- Social Media Optimization (SMO): All content on your sites should promote easy one-to-few click sharing via social media like Facebook and Twitter as well as easy forwarding via email.
- Federated search: So many sites – particularly those running on Joomla and Drupal seem to have degraded search capacities. It’s crucial to ensure that your content is discoverable by both onsite search and via external search engines like Google.
- Search Engine Optimization (SEO): As I worked my way up the coast via Google Maps, I was astounded by the number of municipalities where a Google search for the municipality by name did not return the website for said municipality on the first page. The first page of results was full of real estate, Chamber of Commerce, and government marketing sites, and not the governmental sites. This is reflective of the emphasis placed on governing. Administrators need to make sure that they are following best practices regarding SEO.
- Subscribe to updates via email and SMS or TXT: Your sites should have a widget on the front page and a dedicated landing page where residents can sign up for email and text message alerts from your emergency management vendor of choice (such as Constant Contact, Ready.gov, Nixle and others).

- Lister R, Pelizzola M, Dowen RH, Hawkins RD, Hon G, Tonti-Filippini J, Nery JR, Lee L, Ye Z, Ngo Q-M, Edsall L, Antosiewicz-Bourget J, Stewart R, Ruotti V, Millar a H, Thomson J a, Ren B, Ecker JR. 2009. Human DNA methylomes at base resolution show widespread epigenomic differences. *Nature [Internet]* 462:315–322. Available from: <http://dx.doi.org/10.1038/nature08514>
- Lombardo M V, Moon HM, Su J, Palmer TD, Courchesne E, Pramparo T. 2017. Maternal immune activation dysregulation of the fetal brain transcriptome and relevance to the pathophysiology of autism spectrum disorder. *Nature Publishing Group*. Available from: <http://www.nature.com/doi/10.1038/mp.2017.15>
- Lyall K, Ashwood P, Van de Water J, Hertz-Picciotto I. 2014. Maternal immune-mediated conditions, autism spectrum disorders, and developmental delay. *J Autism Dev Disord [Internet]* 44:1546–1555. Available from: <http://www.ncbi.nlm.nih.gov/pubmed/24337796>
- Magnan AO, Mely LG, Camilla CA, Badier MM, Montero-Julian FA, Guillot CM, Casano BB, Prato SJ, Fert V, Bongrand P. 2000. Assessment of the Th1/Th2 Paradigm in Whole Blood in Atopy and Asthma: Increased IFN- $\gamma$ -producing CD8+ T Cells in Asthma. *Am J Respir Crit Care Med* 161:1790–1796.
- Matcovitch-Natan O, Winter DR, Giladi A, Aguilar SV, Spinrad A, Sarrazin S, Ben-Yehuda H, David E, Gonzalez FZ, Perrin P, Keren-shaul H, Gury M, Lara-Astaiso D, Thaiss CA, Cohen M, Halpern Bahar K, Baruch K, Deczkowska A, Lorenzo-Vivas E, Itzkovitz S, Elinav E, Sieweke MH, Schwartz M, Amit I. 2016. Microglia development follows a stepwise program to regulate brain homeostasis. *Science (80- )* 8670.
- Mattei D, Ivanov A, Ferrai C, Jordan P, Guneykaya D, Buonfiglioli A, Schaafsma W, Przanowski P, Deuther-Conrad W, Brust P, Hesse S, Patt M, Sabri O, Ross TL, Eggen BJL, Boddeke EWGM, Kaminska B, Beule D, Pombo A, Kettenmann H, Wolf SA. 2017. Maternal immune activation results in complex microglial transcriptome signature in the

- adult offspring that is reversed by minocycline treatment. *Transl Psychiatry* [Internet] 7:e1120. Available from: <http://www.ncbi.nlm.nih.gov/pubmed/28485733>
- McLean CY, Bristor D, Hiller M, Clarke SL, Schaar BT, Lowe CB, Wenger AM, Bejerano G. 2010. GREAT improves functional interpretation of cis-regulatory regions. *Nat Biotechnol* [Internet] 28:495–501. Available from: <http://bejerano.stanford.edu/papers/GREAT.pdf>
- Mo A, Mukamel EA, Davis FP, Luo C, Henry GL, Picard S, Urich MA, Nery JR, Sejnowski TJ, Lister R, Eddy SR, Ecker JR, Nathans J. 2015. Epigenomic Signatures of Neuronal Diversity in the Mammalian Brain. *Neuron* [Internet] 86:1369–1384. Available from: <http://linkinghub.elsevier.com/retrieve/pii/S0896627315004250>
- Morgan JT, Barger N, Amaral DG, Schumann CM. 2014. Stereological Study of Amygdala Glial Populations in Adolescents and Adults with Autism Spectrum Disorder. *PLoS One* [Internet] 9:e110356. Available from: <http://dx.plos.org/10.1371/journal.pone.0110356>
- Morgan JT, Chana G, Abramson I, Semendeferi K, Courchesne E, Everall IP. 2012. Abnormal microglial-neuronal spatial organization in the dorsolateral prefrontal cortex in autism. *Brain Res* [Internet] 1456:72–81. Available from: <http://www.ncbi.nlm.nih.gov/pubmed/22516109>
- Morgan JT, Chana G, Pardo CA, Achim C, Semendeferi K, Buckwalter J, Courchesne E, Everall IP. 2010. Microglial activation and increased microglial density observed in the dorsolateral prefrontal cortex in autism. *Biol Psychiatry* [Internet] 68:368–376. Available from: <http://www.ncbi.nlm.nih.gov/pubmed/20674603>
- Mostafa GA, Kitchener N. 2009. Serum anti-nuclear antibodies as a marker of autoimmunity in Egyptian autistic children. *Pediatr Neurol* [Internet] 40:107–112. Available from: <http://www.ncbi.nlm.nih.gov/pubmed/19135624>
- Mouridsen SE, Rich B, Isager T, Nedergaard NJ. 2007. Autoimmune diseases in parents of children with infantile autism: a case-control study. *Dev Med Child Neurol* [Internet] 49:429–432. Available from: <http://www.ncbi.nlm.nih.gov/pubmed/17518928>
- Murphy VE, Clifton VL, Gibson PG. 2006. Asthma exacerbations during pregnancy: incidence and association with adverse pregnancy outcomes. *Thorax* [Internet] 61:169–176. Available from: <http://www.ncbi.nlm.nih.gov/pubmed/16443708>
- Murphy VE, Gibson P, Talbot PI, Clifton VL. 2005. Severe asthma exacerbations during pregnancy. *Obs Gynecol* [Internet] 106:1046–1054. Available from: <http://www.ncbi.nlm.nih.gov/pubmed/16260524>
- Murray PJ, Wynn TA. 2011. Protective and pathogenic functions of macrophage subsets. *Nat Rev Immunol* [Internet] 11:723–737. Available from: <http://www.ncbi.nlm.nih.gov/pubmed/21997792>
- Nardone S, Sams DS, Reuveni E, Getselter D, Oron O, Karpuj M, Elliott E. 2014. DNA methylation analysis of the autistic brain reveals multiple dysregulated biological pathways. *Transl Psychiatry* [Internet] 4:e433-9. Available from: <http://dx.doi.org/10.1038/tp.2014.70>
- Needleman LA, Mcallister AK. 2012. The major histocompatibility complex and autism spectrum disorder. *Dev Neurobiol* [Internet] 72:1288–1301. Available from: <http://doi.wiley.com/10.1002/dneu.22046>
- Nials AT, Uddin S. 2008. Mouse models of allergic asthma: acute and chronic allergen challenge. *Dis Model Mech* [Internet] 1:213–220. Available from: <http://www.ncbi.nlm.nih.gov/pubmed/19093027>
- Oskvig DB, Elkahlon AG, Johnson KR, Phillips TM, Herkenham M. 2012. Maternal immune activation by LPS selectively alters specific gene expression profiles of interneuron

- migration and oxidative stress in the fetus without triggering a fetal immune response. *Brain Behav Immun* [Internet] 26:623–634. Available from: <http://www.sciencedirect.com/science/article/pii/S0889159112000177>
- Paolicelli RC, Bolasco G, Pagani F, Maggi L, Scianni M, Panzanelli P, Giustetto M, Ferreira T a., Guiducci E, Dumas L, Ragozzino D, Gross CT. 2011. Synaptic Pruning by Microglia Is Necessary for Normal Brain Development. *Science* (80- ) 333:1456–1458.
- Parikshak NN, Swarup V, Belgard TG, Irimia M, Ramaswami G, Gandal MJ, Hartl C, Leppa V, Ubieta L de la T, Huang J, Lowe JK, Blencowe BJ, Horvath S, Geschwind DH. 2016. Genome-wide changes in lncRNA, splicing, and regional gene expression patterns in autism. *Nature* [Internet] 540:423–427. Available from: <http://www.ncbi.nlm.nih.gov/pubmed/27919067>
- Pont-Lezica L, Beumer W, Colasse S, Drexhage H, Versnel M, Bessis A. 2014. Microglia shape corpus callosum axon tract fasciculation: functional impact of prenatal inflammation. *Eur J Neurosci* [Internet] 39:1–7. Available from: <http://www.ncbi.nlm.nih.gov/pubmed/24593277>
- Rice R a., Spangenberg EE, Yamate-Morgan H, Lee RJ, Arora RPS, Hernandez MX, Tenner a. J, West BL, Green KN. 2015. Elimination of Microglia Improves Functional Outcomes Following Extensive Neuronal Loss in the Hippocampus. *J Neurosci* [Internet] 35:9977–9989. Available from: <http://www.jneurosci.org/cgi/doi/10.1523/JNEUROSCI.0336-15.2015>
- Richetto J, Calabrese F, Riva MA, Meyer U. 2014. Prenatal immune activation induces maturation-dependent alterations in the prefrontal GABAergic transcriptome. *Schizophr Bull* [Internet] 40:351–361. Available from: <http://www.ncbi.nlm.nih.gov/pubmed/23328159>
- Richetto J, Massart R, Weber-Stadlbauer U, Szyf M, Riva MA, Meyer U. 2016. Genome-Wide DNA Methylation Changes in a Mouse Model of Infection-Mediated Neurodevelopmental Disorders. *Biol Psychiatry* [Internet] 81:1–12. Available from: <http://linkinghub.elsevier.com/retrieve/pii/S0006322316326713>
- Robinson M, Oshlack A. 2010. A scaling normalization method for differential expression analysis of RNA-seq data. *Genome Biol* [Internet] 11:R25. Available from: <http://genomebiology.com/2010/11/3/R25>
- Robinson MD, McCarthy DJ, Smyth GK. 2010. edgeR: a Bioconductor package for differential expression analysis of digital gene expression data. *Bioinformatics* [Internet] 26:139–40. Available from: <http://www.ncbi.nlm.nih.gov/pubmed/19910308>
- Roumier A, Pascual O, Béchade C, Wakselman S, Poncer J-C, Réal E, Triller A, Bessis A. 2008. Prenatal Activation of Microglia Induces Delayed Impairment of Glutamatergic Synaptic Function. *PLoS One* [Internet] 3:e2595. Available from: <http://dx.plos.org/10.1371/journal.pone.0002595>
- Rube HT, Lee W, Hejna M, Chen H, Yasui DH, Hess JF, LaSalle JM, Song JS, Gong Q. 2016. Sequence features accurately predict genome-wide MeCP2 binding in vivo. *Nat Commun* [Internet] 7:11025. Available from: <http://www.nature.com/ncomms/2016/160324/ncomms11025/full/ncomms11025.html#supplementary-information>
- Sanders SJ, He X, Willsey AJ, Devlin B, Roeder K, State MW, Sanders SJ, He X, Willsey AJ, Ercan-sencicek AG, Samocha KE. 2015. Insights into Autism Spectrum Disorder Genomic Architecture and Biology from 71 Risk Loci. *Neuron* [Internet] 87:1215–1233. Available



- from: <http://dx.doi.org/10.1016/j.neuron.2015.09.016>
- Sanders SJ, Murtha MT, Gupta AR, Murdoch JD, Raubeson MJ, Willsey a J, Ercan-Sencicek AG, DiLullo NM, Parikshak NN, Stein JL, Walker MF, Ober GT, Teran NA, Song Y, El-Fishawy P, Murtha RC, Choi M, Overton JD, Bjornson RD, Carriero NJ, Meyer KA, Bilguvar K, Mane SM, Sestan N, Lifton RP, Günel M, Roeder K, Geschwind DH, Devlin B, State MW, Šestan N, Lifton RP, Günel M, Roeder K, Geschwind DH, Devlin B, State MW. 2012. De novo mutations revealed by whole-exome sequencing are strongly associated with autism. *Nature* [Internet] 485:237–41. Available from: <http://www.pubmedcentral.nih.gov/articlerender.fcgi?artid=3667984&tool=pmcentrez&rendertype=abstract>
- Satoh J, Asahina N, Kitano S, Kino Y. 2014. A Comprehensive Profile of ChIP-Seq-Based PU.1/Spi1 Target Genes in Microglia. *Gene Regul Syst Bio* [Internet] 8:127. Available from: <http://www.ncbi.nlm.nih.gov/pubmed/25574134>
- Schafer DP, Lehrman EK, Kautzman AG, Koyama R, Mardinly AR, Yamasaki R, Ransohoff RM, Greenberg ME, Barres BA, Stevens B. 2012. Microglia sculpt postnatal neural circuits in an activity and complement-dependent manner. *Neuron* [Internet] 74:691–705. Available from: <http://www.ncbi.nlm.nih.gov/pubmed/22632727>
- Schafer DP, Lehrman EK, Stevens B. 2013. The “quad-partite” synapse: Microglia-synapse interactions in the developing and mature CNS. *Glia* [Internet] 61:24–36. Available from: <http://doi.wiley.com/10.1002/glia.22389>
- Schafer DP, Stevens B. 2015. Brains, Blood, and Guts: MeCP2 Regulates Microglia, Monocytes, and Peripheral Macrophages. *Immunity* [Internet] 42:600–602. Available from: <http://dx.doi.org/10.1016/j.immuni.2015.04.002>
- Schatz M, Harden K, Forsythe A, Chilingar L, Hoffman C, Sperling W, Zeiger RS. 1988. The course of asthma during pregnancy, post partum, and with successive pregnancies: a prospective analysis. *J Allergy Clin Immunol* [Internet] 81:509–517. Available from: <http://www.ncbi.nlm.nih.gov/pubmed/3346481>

- Low-bandwidth and mobile friendly themes for phones and tablets: Keep in mind that during weather emergencies with power disruptions that hard wired internet access will quite possibly be offline due to down wires. It’s also possible that cell service may be interupted, but the presence of backup generators on cell tower cites may mean that this communications lifeline might still be operable. Make certain that your website vendor auto-detects and renders for mobile devices.
- Sticky content: Some information is more important than others. Make sure that your platform allows you to feature important content via a ‘sticky’ or other prominent placement.
- Updates from other sources: You might want to import content (in a widget or sidebar) from Federal, State, County, or neighboring municipalities on an ongoing basis. You may also want to share content from local news providers.
- Share updates from third-parties like weather services, news organizations, law enforcement agencies, and other local, state, regional, and Federal authorities.
- Rapidly respond and debunk rumors
- Identify information stewards, determine decision makers and points, and consolidate communication.